Useful Tips When Caring for Someone with Dementia

 

Caring for an aging loved one is not easy. And if you’re caring for someone who has Alzheimer’s disease or another form of dementia, the stress and emotional journey can be more intense—so much so that at times you may feel like giving up. You’re not alone, though.

There is currently no cure for dementia or Alzheimer’s, and the medical treatments available for the symptoms are very limited. Therefore, your frustrations as a caregiver are quite understandable. But you can fill in the gap where medicine lacks. Your caregiving and compassion can make a big difference in your loved one’s quality of life.

However, as your loved one’s condition progress, the burden of caring for them can easily overwhelm you to the point that you may even start neglecting your own health. If your responsibilities start to weigh you down, you should know that you can always ask for help and support from other family members. You can also seek the help of a professional caregiver in Potomac, MD who specializes in Alzheimer’s and dementia care.

Alzheimer’s and Dementia Care Tips

Here are some useful tips to keep in mind when caring for someone with dementia.

1. Establish a daily routine. Take note that some tasks, like medical appointments or bathing, are easier when the person is refreshed and alert. You may also want to be more flexible for spontaneous activities on more difficult days.

2. Expect that tasks can take much longer than they used to. So, be more flexible when scheduling for them. You should also allow them to have breaks in-between activities.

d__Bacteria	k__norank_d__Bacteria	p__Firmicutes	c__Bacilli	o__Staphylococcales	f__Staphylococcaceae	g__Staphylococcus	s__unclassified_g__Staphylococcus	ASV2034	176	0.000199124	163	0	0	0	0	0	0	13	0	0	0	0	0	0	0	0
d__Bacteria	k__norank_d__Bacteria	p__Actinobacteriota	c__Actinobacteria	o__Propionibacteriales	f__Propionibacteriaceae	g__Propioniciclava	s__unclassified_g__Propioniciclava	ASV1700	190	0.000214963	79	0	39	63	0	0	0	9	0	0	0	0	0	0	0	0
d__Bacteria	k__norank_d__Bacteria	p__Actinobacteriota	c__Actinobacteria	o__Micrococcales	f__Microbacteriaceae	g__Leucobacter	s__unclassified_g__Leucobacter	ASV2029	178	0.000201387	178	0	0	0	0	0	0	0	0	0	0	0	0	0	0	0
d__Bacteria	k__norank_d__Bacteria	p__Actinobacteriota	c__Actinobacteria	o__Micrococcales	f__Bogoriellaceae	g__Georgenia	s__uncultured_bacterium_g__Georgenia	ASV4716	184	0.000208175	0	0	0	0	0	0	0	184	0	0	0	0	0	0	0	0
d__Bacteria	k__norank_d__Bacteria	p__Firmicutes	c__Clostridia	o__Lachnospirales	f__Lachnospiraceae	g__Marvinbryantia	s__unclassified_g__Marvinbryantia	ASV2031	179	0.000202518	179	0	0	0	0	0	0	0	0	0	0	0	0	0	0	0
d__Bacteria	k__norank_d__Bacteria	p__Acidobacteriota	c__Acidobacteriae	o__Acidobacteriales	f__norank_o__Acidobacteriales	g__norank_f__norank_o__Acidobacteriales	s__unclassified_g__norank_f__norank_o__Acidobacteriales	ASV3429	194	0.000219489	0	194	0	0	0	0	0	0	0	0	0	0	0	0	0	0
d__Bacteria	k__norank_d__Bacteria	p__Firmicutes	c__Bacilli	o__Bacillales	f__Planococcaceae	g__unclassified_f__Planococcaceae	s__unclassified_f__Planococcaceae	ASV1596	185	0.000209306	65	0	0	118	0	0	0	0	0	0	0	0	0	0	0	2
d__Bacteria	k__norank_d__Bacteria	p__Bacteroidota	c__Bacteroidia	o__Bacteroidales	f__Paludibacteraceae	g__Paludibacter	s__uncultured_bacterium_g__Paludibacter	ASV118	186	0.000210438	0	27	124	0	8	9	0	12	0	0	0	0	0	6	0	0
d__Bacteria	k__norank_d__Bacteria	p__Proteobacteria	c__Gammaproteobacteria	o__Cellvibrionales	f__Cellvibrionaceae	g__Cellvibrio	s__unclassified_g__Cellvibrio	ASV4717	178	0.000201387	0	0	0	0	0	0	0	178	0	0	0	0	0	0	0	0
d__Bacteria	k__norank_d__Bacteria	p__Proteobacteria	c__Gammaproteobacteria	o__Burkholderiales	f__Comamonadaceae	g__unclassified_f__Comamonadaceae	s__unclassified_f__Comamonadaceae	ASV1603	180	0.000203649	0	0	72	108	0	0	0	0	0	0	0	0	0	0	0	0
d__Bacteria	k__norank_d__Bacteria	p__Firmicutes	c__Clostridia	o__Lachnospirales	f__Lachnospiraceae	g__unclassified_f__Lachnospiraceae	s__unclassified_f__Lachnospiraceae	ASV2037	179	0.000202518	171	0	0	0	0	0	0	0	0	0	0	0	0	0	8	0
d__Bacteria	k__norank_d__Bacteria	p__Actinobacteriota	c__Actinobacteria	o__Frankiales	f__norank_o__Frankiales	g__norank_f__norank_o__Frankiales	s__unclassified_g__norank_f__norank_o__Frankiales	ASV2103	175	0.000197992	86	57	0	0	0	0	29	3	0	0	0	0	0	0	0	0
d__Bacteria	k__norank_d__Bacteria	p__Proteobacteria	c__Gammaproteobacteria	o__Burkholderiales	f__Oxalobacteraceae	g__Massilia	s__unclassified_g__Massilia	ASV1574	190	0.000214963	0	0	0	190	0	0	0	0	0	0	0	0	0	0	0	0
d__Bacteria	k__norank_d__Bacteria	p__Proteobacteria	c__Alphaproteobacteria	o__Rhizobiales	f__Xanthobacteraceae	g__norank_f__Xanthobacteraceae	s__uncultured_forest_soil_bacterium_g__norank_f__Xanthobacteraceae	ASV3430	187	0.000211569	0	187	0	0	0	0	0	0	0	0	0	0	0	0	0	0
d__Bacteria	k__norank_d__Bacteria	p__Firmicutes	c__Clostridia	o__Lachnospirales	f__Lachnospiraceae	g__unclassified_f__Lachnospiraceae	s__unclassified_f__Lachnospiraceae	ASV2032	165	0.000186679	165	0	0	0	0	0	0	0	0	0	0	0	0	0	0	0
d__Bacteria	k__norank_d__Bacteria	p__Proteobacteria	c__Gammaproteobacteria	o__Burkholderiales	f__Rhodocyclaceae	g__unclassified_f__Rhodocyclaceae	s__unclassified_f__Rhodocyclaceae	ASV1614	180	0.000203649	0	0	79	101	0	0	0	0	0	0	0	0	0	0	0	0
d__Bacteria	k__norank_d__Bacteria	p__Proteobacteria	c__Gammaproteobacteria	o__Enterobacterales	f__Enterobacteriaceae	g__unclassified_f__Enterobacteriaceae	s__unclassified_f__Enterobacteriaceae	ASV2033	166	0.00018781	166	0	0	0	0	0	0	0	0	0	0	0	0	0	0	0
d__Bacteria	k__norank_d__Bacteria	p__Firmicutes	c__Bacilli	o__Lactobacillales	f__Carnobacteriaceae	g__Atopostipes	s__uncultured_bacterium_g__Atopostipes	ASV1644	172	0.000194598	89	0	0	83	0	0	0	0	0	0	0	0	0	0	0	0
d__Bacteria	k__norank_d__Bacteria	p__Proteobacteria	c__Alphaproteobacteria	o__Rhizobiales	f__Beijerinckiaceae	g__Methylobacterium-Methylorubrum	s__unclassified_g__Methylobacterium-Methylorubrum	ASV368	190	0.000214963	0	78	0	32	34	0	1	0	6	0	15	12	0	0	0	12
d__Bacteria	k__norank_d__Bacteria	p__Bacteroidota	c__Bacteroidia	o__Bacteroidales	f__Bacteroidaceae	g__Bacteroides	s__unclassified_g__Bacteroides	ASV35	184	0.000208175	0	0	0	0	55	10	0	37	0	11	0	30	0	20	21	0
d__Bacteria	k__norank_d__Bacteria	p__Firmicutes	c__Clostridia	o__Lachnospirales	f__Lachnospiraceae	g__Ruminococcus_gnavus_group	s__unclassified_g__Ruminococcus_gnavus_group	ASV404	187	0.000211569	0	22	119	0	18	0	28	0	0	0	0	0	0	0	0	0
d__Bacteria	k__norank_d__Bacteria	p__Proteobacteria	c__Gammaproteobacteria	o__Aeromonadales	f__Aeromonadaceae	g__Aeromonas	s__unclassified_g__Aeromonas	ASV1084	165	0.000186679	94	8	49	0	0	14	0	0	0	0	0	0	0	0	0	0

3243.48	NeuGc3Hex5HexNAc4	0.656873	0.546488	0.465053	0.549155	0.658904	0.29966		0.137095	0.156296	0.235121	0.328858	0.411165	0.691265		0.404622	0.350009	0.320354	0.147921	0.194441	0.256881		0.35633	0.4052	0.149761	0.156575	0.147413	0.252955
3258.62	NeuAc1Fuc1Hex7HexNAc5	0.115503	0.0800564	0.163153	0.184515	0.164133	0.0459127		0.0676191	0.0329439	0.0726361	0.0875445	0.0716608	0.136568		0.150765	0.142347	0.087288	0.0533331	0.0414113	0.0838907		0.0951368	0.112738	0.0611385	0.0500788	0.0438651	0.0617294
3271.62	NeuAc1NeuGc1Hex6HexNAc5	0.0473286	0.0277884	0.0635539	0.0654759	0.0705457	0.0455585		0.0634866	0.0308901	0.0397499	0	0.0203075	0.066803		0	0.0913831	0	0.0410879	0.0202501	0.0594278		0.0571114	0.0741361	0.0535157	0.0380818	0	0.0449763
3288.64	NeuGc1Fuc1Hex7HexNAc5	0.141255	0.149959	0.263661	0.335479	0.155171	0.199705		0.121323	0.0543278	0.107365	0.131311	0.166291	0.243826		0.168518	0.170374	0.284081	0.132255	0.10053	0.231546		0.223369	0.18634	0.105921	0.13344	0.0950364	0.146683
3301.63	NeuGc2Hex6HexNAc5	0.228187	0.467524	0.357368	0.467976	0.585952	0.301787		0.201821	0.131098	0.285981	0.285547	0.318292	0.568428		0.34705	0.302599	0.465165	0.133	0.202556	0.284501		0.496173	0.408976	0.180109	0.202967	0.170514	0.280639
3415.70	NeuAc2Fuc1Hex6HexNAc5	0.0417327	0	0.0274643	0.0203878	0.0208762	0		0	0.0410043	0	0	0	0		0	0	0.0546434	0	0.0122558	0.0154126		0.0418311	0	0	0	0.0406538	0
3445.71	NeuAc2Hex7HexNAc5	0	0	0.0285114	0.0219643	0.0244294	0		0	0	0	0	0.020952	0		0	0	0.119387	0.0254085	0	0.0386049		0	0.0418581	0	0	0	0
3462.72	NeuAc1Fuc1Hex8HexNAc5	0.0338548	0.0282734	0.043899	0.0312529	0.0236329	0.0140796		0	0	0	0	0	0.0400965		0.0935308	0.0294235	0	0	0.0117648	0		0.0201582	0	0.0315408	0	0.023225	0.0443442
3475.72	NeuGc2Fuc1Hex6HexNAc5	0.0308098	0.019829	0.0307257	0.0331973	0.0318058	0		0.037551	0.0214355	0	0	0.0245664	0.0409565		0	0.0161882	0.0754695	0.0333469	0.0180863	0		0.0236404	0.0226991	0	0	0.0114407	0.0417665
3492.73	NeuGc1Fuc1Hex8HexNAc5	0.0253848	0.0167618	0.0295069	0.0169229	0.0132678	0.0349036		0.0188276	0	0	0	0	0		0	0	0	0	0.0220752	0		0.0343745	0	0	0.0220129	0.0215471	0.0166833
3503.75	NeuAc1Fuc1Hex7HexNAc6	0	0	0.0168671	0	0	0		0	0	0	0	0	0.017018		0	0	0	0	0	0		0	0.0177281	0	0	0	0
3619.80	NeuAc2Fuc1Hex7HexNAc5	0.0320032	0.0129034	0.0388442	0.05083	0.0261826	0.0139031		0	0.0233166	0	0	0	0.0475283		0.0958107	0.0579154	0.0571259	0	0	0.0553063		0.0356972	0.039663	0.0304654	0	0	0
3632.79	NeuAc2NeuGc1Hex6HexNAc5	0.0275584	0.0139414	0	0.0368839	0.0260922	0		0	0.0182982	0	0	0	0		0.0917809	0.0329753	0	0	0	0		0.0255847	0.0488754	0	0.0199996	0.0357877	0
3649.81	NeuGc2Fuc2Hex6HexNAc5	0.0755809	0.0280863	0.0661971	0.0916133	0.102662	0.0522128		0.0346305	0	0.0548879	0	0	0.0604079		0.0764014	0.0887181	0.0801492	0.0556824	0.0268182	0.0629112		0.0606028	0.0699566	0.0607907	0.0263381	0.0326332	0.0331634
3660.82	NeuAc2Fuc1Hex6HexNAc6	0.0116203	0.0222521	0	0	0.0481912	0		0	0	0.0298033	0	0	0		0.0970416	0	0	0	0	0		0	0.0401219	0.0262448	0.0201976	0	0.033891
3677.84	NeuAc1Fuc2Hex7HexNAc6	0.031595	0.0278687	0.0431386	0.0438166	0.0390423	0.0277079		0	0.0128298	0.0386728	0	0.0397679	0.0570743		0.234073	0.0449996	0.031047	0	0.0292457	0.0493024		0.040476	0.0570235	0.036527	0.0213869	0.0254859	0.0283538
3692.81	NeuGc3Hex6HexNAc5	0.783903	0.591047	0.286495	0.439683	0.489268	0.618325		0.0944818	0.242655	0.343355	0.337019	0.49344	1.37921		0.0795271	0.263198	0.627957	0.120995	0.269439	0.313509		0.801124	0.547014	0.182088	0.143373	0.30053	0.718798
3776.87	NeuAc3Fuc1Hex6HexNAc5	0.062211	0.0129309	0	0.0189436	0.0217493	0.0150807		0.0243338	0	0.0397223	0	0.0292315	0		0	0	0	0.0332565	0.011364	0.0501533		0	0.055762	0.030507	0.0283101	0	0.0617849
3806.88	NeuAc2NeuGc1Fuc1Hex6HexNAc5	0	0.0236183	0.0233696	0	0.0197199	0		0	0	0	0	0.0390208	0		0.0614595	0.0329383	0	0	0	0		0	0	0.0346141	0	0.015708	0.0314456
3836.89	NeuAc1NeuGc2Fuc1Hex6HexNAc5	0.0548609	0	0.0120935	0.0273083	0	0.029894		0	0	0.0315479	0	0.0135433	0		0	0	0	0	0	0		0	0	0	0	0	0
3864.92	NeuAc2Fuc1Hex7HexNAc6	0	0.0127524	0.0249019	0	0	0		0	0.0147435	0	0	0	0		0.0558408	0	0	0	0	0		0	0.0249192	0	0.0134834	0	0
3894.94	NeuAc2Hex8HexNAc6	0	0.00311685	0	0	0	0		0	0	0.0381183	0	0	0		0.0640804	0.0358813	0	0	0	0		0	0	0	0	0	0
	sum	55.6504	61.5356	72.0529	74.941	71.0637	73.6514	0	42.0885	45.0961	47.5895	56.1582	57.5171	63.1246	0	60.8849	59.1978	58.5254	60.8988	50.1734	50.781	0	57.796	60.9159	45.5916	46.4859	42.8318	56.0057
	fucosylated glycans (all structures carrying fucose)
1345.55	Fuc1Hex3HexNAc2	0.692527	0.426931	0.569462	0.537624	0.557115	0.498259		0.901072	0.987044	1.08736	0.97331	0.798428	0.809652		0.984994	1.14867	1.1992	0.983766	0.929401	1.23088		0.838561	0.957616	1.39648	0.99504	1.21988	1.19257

3. Let the person with dementia do as many tasks as possible with very little assistance.

4. Allow them to make small decisions every day. For example, let them choose between two outfits. You can also ask them if they prefer a hot or cold beverage.

5. People who have dementia are best at understanding clear, one-step communication. Therefore, you should make your instructions brief and concise.

6. Avoid prolonged or multiple nap times during the day to minimize the risk of them getting the day and night mixed up.

7. Minimize distractions during mealtimes and when conversing to make it easy for them to focus.

8. Caring for someone with dementia or Alzheimer’s is not easy. No one will judge you if you choose to seek help from a professional caregiver.

At Capital City Nurses, we can give you the assistance you need to help relieve some of your responsibilities. Contact us to find out how we can help your loved one age in place in the comfort of their home.

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    Author: Kendrick Wilkes

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